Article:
Michelle Dickinson is a Wellbeing Strategist and passionate mental health advocate. She is also a TEDx speaker and a published author of a memoir entitled Breaking Into My Life . Michelle goes first and sees herself as the bridge that helps people get comfortable with their mental health so that they reach out and get the support they need before they hit a crisis. She makes it ok to not be ok and thrives on making a real difference in the lives of others – especially around their wellbeing.
After years of playing the role of child caregiver to her bipolar mother, Michelle embarked on her own healing journey of self-discovery. She went on to spend years working to eradicate the mental health stigma within her own workplace by elevating empathy and compassion, causing more open conversations, and leading real change in how mental illness is understood. She was instrumental in building the largest and fastest growing employee mental health employee resource group while at her fortune 50 company.
She also knows first-hand what it feels like to struggle with a mental illness after experiencing my own depression due to her divorce. This has provided her with a rich perspective.
Michelle is out to do her part to eliminate the stigma by normalizing the mental wellbeing conversation within the workplace and beyond. She partners with innovative leaders to bring them her Psychological Resilience programs and mental health strategies to recenter employees and cultivate cultures of compassion. Her signature Resilience webinar has made a positive impact on thousands of employees during COVID-19.
Who is Michelle Dickinson?
Michelle grew up with a mom with bipolar disorder and this experience shaped her life deeply. This comes full circle after a career in the pharmaceutical industry Michelle was invited to give a Ted talk about loving her mother, and that Ted talk opened Michelle’s eyes to the power of storytelling and later led to her memoir.
As an adult, Michelle also suffered from depression and that gave her another perspective on mental health. After her corporate job was restructured, Michelle decided to start her own company to help organizations recenter their employees and their mental health.
The Stigma of Mental Health
The biggest silver lining of the pandemic has been the increased awareness of mental health. Unfortunately, the CDC says that 1 in 3 people now suffer from depression or anxiety now because of the pandemic.
From a company level, people can stop offering a 1-800 number and hoping the person calls and instead lead by example. When the leader talks about their own struggles with mental illness it sets the tone for the whole company. Organizations should also help people get comfortable with brain health so the stigma is not a barrier to getting care.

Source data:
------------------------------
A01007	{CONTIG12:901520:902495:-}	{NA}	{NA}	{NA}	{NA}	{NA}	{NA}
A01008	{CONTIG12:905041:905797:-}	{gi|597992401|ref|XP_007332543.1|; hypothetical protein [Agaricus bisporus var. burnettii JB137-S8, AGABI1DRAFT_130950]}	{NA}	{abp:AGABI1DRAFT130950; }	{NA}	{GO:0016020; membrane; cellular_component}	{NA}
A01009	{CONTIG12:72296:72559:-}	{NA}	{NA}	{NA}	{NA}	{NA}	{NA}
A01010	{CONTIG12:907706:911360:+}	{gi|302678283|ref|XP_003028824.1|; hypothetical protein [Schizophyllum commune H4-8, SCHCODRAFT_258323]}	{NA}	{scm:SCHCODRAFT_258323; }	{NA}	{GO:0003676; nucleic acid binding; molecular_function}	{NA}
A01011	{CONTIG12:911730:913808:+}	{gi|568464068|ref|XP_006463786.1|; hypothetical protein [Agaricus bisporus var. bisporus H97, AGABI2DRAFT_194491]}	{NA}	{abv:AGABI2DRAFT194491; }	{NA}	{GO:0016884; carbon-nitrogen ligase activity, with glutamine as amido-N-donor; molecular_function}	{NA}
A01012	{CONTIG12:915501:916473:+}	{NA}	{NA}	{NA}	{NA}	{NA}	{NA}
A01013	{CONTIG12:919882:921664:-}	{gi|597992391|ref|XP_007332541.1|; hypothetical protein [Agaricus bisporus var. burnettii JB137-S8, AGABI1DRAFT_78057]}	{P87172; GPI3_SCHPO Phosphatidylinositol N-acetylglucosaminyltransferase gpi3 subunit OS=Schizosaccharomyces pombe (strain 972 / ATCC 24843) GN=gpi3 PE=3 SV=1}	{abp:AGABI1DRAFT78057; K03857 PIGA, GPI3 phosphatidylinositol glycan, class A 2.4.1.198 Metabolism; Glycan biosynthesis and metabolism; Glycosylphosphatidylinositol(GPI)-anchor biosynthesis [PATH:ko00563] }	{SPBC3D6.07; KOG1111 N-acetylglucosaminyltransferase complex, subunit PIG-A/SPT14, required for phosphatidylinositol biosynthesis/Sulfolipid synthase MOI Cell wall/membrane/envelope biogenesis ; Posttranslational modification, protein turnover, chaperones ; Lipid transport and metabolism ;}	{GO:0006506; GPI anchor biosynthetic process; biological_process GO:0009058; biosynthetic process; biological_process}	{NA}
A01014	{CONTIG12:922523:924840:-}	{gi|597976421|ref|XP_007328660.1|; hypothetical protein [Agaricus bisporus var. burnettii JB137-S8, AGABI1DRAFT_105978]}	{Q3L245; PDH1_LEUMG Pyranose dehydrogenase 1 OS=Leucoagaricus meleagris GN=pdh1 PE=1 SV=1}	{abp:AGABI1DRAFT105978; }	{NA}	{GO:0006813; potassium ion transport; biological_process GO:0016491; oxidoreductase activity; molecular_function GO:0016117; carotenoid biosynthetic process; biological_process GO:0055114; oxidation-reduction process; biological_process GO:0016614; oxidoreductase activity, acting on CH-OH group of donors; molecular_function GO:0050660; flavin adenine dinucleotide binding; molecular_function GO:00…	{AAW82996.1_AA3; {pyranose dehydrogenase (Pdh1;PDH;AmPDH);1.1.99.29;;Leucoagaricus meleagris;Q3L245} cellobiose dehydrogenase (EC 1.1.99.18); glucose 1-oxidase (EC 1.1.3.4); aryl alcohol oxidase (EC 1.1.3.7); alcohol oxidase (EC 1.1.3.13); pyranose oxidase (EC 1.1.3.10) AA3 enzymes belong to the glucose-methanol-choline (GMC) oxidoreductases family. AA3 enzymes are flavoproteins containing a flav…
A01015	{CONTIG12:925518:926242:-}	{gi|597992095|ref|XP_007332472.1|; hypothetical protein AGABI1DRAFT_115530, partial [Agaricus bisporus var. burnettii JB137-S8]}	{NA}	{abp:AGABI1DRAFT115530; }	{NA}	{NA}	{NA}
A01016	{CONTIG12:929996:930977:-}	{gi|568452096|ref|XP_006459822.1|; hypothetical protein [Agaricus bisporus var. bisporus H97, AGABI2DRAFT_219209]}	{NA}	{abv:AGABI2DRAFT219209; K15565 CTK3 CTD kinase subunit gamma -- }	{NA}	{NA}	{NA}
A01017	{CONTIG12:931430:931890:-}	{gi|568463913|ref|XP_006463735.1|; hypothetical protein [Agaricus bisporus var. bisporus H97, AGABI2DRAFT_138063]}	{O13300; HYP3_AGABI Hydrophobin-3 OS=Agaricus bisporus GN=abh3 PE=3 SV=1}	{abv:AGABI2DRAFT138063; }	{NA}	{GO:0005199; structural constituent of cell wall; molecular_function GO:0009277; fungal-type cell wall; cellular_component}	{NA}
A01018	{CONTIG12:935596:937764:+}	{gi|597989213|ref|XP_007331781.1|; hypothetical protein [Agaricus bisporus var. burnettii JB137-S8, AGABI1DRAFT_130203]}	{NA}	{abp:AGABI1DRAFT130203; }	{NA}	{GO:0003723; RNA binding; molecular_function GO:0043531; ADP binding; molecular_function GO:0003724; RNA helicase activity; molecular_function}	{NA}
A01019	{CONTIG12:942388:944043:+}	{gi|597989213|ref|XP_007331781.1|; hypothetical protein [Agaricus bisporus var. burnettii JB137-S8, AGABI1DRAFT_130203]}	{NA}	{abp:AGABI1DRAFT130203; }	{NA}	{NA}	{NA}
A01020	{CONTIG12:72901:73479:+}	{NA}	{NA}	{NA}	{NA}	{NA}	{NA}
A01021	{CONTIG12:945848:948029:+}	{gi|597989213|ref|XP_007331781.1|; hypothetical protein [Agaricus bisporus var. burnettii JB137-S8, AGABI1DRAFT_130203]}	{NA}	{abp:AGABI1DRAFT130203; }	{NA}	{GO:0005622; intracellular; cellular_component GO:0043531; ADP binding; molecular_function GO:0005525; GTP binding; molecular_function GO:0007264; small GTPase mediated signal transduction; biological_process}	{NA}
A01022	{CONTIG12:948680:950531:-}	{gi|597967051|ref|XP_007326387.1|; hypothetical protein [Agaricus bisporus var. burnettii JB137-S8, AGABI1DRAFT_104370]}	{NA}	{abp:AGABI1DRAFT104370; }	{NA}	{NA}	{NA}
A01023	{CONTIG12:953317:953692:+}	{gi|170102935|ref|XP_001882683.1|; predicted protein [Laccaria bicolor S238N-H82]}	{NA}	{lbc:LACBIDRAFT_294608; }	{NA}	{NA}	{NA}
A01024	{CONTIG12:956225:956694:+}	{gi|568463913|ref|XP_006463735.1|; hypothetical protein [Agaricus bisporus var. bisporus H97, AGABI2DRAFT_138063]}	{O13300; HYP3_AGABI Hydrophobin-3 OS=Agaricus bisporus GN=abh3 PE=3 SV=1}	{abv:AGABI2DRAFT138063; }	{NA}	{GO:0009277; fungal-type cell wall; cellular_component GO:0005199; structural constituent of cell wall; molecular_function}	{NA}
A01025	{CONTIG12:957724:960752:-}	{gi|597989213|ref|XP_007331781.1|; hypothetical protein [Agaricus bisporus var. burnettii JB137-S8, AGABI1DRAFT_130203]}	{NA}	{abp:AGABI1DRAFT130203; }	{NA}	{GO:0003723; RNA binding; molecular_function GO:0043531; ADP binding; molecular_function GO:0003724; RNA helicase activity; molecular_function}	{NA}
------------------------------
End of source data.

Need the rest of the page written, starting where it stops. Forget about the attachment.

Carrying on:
Leaders have a responsibility to go first. If the CEO can be open about their mental health, it opens the door for other leaders in the organization to do the same. For junior leaders, it’s a matter of listening to people in your team and establishing a trusting relationship where they can share their experience.
We should have environments where we are bringing our full selves to work and feel comfortable and safe doing that.
If you want people to show up to the best of their ability and feel appreciated for their contributions, an environment of collaboration and trust is what you should be cultivating. There is a correlation between bottom line results and trust and openness.
88% of Americans leave work feeling like their employer doesn’t care about them. Whenever Michelle delivers her program, the results of the session are that the people felt cared for by their company, and those people remember that. There will probably be a shift in talent away from companies that dropped the ball during the pandemic and the ones that showed they really cared.
As an individual, what should you be doing in the workplace?
Mental health is a continuum of wellness and we need to stop relating to it as a binary state. People should be checking in daily with their mental wellbeing and if necessary, reach out to a friend before your mental state declines. If you’re in a work culture that supports you, reach out to your leader.
Leaders come to the table with a number of biases based on their own experiences with mental health issues. Leaders need to take the burden off of themselves of feeling like they have to fix another person’s problems. You can simply listen, empathize, and show compassion.
Oftentimes, people don’t want to admit to themselves that they are suffering. It’s vital that you have the courage to slow down and reflect on how you are doing. We generally focus on taking care of our physical health, we should include our mental health in that as well.
If we can shift cultures in the workplace, we can shift culture at large. Any major change needs to come where people spend the majority of their time.
As a leader you need to go first. You have the power to show people on your team what is possible on the other side of darkness, which is hope. By being human yourself, you give permission to other people to be human as well.
You have the ability to control your mind. Above all, be comfortable with being not okay. Monitor yourself and audit how you feel, implement routines into your life that make you feel good, and when you are suffering have the courage to reach out to someone.
The worst thing you can do is ruminate on your pain. The moment you speak to someone and get out of your own head, you diminish the power of your pain.
If you notice a behavior change in your colleague, be the person they need. have the courage to check in on them and don’t assume that someone else is checking in on them. You don’t have to fix them to listen.